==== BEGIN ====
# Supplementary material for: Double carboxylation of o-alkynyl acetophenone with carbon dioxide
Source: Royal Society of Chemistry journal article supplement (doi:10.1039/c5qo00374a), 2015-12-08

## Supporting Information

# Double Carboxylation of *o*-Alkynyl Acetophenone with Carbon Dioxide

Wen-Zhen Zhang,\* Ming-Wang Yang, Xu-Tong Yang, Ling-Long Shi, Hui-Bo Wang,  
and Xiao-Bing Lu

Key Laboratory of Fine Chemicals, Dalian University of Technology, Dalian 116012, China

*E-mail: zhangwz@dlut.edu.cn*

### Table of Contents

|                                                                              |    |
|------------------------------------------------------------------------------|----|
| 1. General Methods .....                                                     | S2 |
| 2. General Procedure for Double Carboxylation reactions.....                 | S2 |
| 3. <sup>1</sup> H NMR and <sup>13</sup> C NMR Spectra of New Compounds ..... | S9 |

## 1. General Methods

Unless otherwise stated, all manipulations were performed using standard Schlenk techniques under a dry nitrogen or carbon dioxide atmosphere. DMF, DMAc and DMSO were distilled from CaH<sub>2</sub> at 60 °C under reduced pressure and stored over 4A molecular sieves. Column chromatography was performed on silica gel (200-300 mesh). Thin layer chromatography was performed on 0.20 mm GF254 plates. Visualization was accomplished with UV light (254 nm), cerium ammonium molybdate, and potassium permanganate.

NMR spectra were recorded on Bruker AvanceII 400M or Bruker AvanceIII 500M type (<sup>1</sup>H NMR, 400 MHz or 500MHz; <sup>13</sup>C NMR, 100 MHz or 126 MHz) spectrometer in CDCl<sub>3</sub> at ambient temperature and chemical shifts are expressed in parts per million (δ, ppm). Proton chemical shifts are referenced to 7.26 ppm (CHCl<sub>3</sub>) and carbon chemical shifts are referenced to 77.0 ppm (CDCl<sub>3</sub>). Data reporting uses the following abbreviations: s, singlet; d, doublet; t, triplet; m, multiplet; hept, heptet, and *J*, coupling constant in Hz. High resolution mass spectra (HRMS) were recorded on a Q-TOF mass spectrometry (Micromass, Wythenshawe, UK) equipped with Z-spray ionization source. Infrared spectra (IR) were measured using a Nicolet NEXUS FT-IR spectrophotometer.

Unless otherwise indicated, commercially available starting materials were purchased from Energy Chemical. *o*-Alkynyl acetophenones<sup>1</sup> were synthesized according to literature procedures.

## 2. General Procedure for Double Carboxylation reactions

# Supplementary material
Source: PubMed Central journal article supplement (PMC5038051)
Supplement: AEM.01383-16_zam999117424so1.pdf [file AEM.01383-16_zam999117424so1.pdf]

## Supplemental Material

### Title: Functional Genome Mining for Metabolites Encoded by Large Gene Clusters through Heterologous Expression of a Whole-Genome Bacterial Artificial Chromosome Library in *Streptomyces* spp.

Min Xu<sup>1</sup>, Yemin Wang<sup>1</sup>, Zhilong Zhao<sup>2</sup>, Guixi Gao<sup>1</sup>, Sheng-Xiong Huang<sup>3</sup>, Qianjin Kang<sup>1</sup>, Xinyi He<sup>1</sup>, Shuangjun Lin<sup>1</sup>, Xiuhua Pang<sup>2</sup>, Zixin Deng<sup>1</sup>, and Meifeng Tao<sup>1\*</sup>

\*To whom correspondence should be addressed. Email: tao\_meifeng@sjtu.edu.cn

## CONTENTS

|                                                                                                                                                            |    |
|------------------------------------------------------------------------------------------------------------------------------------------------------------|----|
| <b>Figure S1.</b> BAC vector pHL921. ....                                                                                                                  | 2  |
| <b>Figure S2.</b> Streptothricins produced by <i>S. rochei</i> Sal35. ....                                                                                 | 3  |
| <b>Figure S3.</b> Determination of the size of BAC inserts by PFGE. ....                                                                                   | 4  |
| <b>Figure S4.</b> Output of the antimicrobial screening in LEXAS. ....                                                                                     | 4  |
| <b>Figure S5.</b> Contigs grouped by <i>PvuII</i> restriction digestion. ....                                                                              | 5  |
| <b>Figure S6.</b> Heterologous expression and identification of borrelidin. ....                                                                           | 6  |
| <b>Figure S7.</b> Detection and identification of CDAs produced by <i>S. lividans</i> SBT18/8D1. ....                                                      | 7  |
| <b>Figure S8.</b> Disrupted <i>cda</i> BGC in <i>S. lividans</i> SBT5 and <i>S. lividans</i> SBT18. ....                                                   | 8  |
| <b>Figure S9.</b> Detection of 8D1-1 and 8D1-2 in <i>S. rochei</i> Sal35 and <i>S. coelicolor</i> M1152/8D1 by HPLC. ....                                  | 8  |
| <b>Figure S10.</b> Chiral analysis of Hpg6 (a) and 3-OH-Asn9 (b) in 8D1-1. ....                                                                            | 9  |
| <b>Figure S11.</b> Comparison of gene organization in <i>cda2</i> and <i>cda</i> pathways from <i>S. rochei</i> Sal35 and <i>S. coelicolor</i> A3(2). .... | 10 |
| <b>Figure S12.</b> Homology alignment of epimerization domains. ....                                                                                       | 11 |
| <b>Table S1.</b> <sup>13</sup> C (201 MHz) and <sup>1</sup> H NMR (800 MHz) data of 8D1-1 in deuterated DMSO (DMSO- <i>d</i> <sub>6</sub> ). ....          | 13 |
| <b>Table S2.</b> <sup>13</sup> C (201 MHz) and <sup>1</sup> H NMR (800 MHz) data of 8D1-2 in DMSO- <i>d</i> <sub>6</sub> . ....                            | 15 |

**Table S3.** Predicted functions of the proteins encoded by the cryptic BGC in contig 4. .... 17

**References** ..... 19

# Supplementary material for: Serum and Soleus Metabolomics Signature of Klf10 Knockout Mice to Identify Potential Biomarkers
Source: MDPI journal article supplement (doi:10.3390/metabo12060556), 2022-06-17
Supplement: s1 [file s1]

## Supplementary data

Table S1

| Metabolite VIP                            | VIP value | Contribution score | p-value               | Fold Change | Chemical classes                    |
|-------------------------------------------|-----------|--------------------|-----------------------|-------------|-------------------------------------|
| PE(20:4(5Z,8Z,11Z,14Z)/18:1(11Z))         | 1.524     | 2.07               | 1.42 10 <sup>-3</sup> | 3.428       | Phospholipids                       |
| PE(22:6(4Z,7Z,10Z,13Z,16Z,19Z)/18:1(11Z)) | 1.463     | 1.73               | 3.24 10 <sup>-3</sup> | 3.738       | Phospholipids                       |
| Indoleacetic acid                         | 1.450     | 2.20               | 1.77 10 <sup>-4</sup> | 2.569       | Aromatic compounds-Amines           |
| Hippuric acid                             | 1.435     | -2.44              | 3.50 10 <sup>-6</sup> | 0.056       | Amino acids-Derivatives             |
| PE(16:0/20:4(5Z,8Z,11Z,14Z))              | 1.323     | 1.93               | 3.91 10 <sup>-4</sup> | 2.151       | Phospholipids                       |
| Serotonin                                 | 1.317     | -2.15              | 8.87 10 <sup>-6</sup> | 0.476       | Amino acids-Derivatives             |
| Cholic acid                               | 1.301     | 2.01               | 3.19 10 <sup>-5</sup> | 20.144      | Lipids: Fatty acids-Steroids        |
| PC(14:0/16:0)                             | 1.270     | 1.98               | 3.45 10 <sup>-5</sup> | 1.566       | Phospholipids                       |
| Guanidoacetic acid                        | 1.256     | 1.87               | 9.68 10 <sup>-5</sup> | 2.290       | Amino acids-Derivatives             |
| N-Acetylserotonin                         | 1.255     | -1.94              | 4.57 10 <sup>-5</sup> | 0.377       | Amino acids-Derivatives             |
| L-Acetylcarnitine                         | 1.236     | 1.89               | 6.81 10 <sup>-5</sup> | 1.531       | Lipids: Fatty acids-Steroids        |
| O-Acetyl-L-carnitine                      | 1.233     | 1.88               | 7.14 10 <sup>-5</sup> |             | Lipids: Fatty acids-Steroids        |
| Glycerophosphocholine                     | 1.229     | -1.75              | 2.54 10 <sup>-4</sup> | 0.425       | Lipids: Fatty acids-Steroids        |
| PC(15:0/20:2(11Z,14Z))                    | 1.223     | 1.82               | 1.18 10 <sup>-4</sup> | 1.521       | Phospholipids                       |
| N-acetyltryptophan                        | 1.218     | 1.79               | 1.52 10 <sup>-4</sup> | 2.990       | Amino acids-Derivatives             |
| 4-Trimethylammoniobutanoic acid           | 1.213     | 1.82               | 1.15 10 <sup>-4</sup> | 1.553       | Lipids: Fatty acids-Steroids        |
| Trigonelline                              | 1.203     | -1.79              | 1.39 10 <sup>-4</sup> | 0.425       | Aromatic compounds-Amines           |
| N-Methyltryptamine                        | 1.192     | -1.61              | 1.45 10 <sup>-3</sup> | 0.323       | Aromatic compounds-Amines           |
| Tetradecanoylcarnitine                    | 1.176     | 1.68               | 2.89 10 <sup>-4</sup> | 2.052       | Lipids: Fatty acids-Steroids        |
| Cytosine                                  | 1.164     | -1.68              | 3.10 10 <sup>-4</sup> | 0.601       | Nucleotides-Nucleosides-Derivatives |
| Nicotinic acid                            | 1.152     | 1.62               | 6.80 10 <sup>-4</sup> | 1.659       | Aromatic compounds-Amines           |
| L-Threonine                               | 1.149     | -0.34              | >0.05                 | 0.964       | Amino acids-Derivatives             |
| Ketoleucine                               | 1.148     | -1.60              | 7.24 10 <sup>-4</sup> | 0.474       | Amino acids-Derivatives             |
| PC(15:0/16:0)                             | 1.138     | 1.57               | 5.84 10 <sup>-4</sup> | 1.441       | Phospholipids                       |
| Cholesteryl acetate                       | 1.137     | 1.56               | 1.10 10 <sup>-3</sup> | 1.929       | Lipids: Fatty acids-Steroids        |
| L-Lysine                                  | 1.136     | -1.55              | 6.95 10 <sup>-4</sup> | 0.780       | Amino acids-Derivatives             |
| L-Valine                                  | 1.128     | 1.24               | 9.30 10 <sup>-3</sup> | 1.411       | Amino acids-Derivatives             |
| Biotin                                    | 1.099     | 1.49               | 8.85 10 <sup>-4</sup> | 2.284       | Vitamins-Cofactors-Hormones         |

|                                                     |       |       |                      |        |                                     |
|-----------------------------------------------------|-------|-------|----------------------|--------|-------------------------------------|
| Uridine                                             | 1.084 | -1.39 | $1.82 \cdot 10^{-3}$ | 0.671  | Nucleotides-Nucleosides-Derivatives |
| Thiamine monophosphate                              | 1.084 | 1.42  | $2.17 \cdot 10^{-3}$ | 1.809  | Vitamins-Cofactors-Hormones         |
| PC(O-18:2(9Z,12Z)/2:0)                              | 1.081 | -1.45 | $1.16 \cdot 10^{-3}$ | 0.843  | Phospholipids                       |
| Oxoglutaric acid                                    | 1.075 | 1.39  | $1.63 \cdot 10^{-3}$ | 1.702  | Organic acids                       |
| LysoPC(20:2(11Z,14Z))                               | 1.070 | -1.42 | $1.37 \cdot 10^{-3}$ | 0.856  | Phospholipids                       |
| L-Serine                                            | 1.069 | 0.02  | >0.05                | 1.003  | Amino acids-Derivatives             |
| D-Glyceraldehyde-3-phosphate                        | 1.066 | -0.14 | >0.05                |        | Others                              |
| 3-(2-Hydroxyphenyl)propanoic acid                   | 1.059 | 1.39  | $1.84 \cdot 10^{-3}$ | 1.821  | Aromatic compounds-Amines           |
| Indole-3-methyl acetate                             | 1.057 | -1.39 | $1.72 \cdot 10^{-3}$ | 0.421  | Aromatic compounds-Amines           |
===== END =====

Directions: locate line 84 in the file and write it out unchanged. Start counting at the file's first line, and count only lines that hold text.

| Thiamine monophosphate                              | 1.084 | 1.42  | $2.17 \cdot 10^{-3}$ | 1.809  | Vitamins-Cofactors-Hormones         |